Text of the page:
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Sometimes the only way to get fed the encouragement I need is to say out loud I'm drowning. Well, I don't have be so dramatic. But if I don't speak wh...

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Does "Whistling in the Dark" Really Help Lessen Fear?

December 8, 2017


An upbeat emotional attitude has a powerful physiological effect on the brain's parasympathetic nervous system.


Saying "Everything's going to be all right" is something that naturally springs to our lips, when prospects for a good outcome are pretty dim, and we can think of nothing useful to say. I used to grimly question, in my thoughts if not out loud, people who made that blanket statement. They don't know everything's going to be all right. Everything's probably not going to be all right, at all. Why do they say that?


But years have past since those cynical times, and now I too say things like, "Things are going to work out."  What happened to give me a more positive outlook? 


Well, partly I was introduced to a God-reliance which was suggested when nothing purely rational gave me a peaceful heart. The reason I know that a God-reliant peaceful heart is actually a good thing, a reality and not just a fantasy, is that my actual behavior vastly improved when I took the spiritual dive.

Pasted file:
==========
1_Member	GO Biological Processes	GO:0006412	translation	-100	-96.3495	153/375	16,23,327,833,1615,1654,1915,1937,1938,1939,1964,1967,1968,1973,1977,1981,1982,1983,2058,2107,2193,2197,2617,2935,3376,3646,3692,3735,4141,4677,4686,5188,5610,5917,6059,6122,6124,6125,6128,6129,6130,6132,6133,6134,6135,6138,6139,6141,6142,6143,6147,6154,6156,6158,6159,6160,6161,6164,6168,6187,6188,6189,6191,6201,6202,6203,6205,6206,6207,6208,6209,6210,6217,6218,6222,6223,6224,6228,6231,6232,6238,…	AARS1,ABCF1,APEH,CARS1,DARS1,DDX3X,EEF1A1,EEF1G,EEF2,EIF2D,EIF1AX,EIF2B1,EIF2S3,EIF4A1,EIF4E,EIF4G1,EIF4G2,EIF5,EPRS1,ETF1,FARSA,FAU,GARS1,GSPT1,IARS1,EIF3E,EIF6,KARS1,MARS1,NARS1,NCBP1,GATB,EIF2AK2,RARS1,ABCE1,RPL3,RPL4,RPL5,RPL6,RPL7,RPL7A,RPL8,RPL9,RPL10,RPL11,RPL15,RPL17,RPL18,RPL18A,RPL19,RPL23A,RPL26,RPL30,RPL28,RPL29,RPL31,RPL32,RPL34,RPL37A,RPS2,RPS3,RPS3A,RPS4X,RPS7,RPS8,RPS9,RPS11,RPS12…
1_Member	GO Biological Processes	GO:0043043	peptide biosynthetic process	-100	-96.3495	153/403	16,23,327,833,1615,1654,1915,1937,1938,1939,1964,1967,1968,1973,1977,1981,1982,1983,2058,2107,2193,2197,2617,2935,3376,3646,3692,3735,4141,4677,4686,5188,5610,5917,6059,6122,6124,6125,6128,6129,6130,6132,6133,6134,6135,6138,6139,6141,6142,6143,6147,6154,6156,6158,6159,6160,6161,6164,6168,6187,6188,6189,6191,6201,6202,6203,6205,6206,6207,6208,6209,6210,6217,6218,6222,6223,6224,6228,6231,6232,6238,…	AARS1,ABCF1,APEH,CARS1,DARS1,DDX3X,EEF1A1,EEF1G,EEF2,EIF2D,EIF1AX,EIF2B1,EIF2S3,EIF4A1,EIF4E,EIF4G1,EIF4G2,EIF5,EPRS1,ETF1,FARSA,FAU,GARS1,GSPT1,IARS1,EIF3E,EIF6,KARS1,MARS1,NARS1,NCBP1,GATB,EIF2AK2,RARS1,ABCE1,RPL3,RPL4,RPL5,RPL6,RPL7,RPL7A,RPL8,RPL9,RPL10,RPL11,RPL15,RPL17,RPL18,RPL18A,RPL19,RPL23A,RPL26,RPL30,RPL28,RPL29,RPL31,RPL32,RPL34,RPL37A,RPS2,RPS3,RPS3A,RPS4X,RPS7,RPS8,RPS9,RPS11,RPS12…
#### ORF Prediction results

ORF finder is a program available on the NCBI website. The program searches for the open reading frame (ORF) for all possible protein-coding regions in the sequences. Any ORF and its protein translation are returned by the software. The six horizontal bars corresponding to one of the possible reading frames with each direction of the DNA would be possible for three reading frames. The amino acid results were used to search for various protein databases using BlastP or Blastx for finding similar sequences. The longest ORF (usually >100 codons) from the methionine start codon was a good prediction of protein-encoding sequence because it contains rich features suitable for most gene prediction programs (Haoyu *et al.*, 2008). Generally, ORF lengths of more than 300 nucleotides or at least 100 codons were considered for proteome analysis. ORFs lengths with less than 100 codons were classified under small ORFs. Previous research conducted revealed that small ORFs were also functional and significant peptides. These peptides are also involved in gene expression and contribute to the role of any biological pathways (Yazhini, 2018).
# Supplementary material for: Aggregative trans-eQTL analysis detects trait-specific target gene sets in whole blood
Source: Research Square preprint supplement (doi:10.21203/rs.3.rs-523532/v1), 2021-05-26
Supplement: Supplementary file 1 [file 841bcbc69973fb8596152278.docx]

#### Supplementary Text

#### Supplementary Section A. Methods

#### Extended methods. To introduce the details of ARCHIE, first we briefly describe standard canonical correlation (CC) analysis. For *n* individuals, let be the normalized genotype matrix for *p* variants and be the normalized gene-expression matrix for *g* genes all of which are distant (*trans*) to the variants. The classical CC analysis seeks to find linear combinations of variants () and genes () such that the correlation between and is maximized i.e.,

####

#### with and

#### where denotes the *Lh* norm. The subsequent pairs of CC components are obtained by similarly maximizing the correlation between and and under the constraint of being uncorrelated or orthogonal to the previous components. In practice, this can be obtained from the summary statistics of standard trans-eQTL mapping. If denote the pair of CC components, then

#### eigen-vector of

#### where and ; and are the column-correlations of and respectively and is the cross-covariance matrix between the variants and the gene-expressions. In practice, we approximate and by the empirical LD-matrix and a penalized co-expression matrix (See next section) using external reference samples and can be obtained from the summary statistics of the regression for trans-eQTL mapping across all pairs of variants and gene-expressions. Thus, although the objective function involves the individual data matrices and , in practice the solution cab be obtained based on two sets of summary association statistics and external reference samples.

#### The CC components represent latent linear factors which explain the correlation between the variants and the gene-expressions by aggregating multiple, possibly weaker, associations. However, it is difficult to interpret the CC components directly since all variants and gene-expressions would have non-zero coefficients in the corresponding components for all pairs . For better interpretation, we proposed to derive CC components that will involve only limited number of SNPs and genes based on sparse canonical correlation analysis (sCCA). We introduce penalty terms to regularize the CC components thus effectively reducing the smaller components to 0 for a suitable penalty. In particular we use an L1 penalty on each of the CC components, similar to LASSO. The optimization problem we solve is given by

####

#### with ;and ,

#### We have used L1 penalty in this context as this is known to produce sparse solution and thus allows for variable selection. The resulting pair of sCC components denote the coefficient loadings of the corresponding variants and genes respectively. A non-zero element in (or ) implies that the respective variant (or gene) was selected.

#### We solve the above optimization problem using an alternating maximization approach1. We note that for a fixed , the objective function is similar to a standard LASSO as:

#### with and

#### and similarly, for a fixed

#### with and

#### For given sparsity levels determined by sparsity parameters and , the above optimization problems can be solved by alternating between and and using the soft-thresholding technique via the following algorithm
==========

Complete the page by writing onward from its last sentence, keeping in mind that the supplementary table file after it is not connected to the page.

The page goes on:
But partly I was also introduced to the powerful tool of emotional content in my self messages. So how does that actually lessen fear? 


Well, apart from the purely spiritual energies that are no doubt invisibly at work, the emotional energies  mediated by the ventrolateral prefrontal cortex portion of the brain actually soothe the powerful but gross-over-reactor body-guard, the amygdala.


Most everyone is acquainted with the amygdala by now, but what is not common knowledge is it's ability to be re-directed by emotionally laden declarations. For example, saying "Don't be scared," in a calm voice has no impact. But gently, soothingly saying, "It's just the wind in the trees," has a powerful effect, causing the amygdala to holster its guns and stand at ease. It recognizes pictures, feelings and emotion.


So, whether it's whistling in the dark or emotionally proclaiming "I love the night!" the amygdala hears, and happily reverses the fight, flight, freeze neurotransmitter cascade.


As long as you're whistling with an emotional upbeat message.

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